Jenny’s Justin Mauer has many different outlets for his creativity and he’s using most of them in his autobiographical comedy play Falling on Deaf Eyes. One of his bands appearing on the soundtrack is Suspect Parts and they have a groovy song in “Alright With Me.” The guitar riff and vocals are so mid-1960s fed through a 1980s indie filter, with just a hint of a punk rock Tommy James. The guitar and organ work here is perfection. Looking for a crazy band origin story? Stephen’s Ruin have got it. Original band arrives mid-1980s to some notoriety and success. Now the son of one of the founders restarts the band with a new crew and some pretty amazing 1960s-meets-1980s tunes. The band’s recent double A-sided single “Runaround”/“Tonight” is a pure retro beat rock and roll delight. The former is a frenetic garage-y melodic rock romp, with spot on new wave call and response background vocals. The latter lulls you with its sweet rumbly guitar licks and pristine harmony vocals. I want a whole album of this! Another act mining the past for good measure are Steve Stoeckel (from The Spongetones) and Irene Peña on their one-off single, “Why.” This one hits me right in the musical solar plexus, immediately calling up all those beautiful folk rock duets from 1960s, from Ian and Sylvia to more recent efforts by Don Dixon and Marti Jones. The song is so 1965 and Steve and Irene’s vocals blend perfectly. Really, a lovely piece of work that will have you hitting ‘replay’ again and again. Now if you’re looking for something that screams subtle summer movie blockbuster theme song, Tim Jackson is your man. His new single “How Do You Mend a Broken Heart” has the confident pop stylings of a great Hall and Oates or Crowded House single. It’s pretty straightforward keyboards and vocals but the simplicity masks a clever complexity in the melody. This one is an earworm that works its magic in a sneaky ‘I’ll just listen to this one more time’ sort of way. From his soon-to-be-released second album Litter in the Park. Rounding out our pool of twenty artists is the prolific Richard X. Heyman from his recent album Copious Notes. 70 year old Heyman has been rocking since the 1960s and solo album 14 shows no decline in his songwriting and performance standards. “Tell Me When” literally springs out of the speakers with head turning piano trills and impressive vocal gymnastics. And it’s just a damn good song. Another stand out from the album is the moving love song “Ransom.” The achingly beautiful melody is given depth via Heyman’s incredible vocal and baroque keyboard/strings instrumental backing.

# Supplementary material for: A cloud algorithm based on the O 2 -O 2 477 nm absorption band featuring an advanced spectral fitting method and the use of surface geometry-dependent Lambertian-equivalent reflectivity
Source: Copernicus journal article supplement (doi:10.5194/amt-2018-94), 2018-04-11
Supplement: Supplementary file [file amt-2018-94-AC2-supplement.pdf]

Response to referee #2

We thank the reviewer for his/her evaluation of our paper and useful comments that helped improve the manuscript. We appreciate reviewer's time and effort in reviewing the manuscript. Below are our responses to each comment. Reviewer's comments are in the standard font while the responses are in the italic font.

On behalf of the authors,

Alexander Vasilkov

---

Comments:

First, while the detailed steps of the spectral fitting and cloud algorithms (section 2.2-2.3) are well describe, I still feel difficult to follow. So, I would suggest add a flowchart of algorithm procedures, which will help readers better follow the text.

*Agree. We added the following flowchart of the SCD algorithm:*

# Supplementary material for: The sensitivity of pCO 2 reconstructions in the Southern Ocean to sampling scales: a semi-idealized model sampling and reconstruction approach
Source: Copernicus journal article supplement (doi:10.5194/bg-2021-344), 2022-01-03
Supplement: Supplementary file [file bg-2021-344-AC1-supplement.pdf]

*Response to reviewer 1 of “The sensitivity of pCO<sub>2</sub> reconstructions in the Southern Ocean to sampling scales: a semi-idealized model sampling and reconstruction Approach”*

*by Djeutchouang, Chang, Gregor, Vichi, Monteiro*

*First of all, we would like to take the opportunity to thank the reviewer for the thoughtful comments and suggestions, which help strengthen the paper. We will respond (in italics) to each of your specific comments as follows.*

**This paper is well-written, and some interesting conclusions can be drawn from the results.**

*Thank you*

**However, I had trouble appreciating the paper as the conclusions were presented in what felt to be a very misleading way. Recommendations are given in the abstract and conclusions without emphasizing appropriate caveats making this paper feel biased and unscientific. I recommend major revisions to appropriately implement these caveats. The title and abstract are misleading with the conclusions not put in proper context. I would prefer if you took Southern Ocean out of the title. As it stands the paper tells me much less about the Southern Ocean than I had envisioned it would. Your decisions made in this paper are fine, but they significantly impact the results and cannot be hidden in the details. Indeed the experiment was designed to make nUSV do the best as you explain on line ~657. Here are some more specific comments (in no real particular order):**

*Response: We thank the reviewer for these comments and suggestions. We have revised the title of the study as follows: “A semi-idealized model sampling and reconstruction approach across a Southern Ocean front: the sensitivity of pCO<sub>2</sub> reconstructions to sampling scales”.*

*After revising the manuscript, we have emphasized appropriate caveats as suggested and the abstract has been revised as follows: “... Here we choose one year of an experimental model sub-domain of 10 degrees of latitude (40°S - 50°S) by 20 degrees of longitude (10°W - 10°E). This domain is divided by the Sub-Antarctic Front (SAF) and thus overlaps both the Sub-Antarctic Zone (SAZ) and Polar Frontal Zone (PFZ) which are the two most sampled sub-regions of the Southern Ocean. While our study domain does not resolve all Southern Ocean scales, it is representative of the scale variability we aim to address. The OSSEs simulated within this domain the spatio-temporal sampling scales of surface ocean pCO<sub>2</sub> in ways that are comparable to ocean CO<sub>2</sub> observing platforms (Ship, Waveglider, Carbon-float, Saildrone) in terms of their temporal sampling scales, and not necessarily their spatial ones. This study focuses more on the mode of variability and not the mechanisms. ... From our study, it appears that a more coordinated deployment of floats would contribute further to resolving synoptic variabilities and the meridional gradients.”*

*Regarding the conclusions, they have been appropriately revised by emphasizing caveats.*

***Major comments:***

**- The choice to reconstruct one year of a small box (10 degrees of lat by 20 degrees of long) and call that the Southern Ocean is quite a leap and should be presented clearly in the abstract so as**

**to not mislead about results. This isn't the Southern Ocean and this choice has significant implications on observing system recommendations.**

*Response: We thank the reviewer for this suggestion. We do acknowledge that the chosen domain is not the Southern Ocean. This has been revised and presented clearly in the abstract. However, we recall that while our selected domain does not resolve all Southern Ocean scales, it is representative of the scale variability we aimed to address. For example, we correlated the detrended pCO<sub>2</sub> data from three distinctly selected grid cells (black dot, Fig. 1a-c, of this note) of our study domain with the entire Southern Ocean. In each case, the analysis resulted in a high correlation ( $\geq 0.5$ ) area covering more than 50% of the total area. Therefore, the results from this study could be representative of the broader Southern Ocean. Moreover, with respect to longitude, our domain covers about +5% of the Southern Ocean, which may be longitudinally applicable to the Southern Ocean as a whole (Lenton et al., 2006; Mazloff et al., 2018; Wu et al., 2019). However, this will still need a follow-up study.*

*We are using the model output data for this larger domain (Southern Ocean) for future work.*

Richard X. Heyman – Tell Me When
Richard X. Heyman – Ransom

Summer’s not going to organize itself. Thankfully your beach tuneage is squared away. With 40 solid poprock artists to choose from your seasonal mixtape this year will be brimming with hooks and jangle.

Almost summer singles mixtape I

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It’s so close you can almost taste the vodka cocktails. Summer! And that means music to accompany those warm breezes, surf and sand, and lazy, hazy days of scorching heat. To that end, let me present an almost summer bevy of selections for your mixtape, uh, I mean, playlist. In this first of two installments, we offer up 20 suggestions for high rotation seasonal singles.